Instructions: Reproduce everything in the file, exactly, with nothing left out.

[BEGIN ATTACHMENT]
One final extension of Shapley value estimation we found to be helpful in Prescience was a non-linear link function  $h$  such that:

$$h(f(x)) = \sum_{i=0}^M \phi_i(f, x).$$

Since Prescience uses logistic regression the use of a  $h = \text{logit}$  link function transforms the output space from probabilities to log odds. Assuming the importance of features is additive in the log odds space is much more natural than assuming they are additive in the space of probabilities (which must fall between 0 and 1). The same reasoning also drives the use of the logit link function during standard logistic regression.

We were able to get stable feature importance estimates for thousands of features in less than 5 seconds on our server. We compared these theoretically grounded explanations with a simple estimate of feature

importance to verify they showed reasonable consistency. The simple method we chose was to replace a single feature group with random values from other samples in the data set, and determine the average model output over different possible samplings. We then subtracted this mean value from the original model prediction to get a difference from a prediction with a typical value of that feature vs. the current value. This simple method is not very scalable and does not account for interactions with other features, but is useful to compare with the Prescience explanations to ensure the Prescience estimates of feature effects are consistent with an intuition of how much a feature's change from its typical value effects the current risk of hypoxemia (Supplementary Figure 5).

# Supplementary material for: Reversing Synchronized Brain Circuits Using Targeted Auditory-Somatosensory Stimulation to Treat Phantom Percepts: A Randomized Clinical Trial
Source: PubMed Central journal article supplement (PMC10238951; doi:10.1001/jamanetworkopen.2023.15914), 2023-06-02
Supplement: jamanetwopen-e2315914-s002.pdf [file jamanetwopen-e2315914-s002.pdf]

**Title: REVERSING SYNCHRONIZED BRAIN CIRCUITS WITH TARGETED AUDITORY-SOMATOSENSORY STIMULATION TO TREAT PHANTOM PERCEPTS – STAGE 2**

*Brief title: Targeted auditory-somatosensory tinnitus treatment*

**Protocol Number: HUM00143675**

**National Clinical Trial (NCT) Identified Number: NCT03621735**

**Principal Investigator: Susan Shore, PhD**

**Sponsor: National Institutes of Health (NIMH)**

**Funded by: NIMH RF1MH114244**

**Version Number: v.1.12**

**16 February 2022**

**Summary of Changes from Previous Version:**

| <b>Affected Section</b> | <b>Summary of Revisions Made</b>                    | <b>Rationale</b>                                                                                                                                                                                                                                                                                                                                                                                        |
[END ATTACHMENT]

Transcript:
One final extension of Shapley value estimation we found to be helpful in Prescience was a non-linear link function  $h$  such that:

$$h(f(x)) = \sum_{i=0}^M \phi_i(f, x).$$

Since Prescience uses logistic regression the use of a  $h = \text{logit}$  link function transforms the output space from probabilities to log odds. Assuming the importance of features is additive in the log odds space is much more natural than assuming they are additive in the space of probabilities (which must fall between 0 and 1). The same reasoning also drives the use of the logit link function during standard logistic regression.

We were able to get stable feature importance estimates for thousands of features in less than 5 seconds on our server. We compared these theoretically grounded explanations with a simple estimate of feature

importance to verify they showed reasonable consistency. The simple method we chose was to replace a single feature group with random values from other samples in the data set, and determine the average model output over different possible samplings. We then subtracted this mean value from the original model prediction to get a difference from a prediction with a typical value of that feature vs. the current value. This simple method is not very scalable and does not account for interactions with other features, but is useful to compare with the Prescience explanations to ensure the Prescience estimates of feature effects are consistent with an intuition of how much a feature's change from its typical value effects the current risk of hypoxemia (Supplementary Figure 5).

# Supplementary material for: Reversing Synchronized Brain Circuits Using Targeted Auditory-Somatosensory Stimulation to Treat Phantom Percepts: A Randomized Clinical Trial
Source: PubMed Central journal article supplement (PMC10238951; doi:10.1001/jamanetworkopen.2023.15914), 2023-06-02
Supplement: jamanetwopen-e2315914-s002.pdf [file jamanetwopen-e2315914-s002.pdf]

**Title: REVERSING SYNCHRONIZED BRAIN CIRCUITS WITH TARGETED AUDITORY-SOMATOSENSORY STIMULATION TO TREAT PHANTOM PERCEPTS – STAGE 2**

*Brief title: Targeted auditory-somatosensory tinnitus treatment*

**Protocol Number: HUM00143675**

**National Clinical Trial (NCT) Identified Number: NCT03621735**

**Principal Investigator: Susan Shore, PhD**

**Sponsor: National Institutes of Health (NIMH)**

**Funded by: NIMH RF1MH114244**

**Version Number: v.1.12**

**16 February 2022**

**Summary of Changes from Previous Version:**

| <b>Affected Section</b> | <b>Summary of Revisions Made</b>                    | <b>Rationale</b>                                                                                                                                                                                                                                                                                                                                                                                        |